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“In my young and more vulnerable days my father gave me some advice that I’ve been turning over in my mind ever since,” Jake Gyllenhaal dramatizes. “‘Whenever you feel like criticizing anyone,’ he told me, ‘just remember that all the people in this world haven’t had the advantages that you’ve had.’” With just those few spoken sentences, I am traveling through Nick Carraway’s carefully crafted narrative in one of my favorite books, F. Scott Fitzgerald’s The Great Gatsby.
Whenever the debate about audiobooks is raised, this is the book I think about. Unlike any other novel, I’ve devoured The Great Gatsby at least a dozen times, read several analyses, and written multiple essays on the characters, plot, and symbolism. Three years ago, just before Baz Luhrmann’s film adaptation was released in theaters, I decided to read, in chronological order, everything F. Scott Fitzgerald published, plus a compilation of his letters. Throughout my self-directed course, I even read Trimalchio, an early version of The Great Gatsby. In short, there is no novel I know so deeply as The Great Gatsby, so when I began listening to the audiobook read by Jake Gyllenhaal, I was pleasantly surprised to find through his cadence that the narration took on new aspects.
There was nothing really new, but the existing textures were defined differently, almost as though I was walking through my living room for the first time since someone else, unbeknownst to me, had rearranged the furniture.
I loved it.
Perhaps for some people, this type of shock is unwelcome. We readers can get used to the comfortable voices inside our heads, and the process of listening to an audiobook requires that we relinquish that control. We must instead trust the narrator and allow ourselves to be swept away by their voice. While I find it captivating, I understand that this isn’t for everyone. Once in a great while, I find a narrator whose voice is intolerable, but there might be another version with a different voice actor. At times, I find that I prefer a particular physical book to the audio version, and but at other times it’s vice versa. Regardless, I always notice different things when I listen rather than physically read a book. If I had infinite time, I would ideally both read and listen to all of the great works of literature and non-fiction. Unfortunately, few, if any, of us have such a luxury, and, since we must make a choice, the differences between the two mediums lead people to the central question: Is one “better” than the other?
Whenever I mention that I’m listening to an audiobook, I see the other person’s face pinch in disgust. The bold ones ask, “Don’t you feel that you get more from actually reading a book?” It’s meant as a rhetorical question, a reproof, because everyone knows that a book is better absorbed when read. They go on to tell me that they listen to podcasts while cleaning, exercising, and driving, but—and they add this with hushed reverence—never books. I’ve even had some people go so far as to state that listening to an audiobook “doesn’t count” as having read a particular book. Yet, isn’t it pretentious and autocratic to presume another reader’s level of comprehension of a book based solely on the medium?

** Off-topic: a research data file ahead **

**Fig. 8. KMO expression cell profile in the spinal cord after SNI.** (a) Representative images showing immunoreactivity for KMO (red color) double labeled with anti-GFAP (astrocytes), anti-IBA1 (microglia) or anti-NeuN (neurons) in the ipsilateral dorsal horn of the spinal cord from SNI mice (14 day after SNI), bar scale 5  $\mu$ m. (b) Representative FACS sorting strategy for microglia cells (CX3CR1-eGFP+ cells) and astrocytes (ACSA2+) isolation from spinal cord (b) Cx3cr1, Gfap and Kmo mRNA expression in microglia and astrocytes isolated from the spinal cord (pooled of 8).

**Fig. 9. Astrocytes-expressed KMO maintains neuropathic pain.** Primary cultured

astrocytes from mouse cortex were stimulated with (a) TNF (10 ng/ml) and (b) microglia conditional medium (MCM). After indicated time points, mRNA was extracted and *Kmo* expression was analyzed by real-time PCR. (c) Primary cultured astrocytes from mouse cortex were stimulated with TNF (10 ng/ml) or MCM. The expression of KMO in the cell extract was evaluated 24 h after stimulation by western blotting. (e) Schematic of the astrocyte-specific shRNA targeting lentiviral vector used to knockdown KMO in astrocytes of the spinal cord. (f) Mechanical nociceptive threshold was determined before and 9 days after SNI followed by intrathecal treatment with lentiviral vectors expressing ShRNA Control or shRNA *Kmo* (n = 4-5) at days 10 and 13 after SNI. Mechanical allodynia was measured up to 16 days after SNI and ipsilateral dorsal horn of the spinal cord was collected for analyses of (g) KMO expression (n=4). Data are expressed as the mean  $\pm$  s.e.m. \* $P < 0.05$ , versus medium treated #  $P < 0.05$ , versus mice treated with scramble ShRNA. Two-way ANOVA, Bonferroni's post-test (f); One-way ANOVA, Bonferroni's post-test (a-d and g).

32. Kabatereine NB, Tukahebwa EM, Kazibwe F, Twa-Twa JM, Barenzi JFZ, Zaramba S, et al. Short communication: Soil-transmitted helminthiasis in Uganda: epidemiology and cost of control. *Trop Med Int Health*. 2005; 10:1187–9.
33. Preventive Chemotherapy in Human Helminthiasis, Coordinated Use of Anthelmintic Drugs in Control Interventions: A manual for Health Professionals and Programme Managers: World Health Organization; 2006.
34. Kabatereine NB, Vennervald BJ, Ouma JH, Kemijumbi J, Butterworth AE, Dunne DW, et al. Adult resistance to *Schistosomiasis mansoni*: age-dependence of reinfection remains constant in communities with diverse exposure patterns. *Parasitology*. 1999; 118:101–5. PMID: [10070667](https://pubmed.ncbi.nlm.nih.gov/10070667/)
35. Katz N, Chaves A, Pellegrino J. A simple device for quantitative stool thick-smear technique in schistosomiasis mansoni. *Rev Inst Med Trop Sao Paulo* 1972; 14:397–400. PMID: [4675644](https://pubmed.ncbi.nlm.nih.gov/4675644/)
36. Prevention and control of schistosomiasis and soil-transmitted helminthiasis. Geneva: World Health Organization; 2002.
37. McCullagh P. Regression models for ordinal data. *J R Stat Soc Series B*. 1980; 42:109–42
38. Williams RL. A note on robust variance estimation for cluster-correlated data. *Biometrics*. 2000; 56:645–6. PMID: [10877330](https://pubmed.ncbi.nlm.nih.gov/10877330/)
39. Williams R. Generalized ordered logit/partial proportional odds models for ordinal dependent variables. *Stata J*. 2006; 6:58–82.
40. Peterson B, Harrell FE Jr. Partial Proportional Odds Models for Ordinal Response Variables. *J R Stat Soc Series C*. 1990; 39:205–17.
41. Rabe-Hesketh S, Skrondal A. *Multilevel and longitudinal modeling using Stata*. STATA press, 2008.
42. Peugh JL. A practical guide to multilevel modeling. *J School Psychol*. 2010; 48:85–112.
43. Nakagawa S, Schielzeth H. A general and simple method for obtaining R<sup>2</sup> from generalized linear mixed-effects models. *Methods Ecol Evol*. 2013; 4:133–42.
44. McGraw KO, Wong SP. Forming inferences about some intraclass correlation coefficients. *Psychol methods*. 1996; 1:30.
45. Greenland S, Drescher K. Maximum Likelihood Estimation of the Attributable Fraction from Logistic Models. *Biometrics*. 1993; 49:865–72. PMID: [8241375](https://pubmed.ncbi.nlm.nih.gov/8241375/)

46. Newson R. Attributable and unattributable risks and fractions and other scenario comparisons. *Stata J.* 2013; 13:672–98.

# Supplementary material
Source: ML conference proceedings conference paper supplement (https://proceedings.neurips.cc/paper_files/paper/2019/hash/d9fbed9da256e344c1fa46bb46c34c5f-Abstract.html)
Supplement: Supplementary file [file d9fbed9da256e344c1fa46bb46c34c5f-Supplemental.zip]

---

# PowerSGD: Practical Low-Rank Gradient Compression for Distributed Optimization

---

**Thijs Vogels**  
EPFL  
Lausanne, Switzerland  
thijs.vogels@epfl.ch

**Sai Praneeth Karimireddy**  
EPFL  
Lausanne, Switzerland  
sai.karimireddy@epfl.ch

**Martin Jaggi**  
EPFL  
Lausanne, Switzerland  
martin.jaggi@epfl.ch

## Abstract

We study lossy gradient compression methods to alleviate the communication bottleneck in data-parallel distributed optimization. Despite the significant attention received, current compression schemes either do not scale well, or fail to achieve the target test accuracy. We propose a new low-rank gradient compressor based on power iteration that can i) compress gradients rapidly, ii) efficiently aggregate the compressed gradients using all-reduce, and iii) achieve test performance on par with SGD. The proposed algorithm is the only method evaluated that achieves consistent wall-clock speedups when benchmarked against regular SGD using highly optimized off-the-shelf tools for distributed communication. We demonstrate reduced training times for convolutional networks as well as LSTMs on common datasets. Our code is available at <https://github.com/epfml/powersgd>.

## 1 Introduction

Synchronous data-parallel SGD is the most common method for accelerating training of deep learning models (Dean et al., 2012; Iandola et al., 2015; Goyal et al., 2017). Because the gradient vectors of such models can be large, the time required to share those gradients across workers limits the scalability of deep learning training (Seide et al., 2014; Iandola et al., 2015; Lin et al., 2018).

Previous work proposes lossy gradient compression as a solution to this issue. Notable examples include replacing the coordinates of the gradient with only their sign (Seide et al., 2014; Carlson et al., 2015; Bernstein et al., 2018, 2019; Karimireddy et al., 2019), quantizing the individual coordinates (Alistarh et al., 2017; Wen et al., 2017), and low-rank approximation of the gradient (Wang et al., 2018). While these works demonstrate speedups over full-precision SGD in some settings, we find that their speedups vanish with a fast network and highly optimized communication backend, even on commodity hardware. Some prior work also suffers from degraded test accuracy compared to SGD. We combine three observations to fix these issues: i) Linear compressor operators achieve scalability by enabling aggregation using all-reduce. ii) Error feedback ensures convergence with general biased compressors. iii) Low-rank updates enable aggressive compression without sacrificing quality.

On July 24, 2016, University of Virginia psychologist Daniel Willingham wrote a blog post that tackles this problem. He discusses how we decode language and reminds us that when we read, there’s usually a voice in our heads. The only variance between our voice and an audiobook actor’s voice is the prosody. Especially with old-fashioned narratives, such as Shakespeare, an actor might be able to use the rhythm, pacing, pitch, stress, and intonation of the speech patterns to better communicate the author’s intended meaning and aid in comprehension. In some cases, audiobook listeners might have a better understanding than physical readers. Willingham writes, “For most books, for most purposes, listening and reading are more or less the same thing.”
Willingham’s assertions supports my students’ claims that listening to audiobooks helps them to focus on a story and teaches them how to read a text. One student, who hadn’t been able to focus on a written narrative in years, fell in love with the audiobook of Mary Shelley’s Frankenstein. She confessed to sitting in her car long after she’d parked or sneaking to the bathroom so that she could listen to the next chapter away from her family. Then, she’d begin questioning the motives of the doctor or the monster, so she’d go back and listen again to parts of the narrative. Isn’t this truly what reading is about? We are transported to another world where our imaginations are free to roam, prodding deeper and deeper into the depths of the world and the characters until the fictional world merges with our own. Through our own disillusionment and self-created chaos, we better understand not only Dr. Frankenstein and Jay Gatsby but also ourselves.
To all you audiobook lovers, it’s not the medium that counts, but how you experience it. During a lecture I attended during grad school, novelist Susan Taylor Chehak emphasized that studies show it’s not what you read but how you read that determines whether something is literature. Her argument could easily be extended and combined with Willingham’s. If the audiobook is in the background while you’re absorbed in something else, it’s not any different than skim reading while distracted or absorbed in your own thoughts. However, if you’re actively engaged with the audiobook, it is more or less the same as reading the physical version. It’s not whether you read or listen, but how you do it.
Postscript: And, to all you Fitzgerald lovers, I’d Die For You, a new collection of previously unpublished and uncollected stories by F. Scott Fitzgerald will be released on April 11, 2017.
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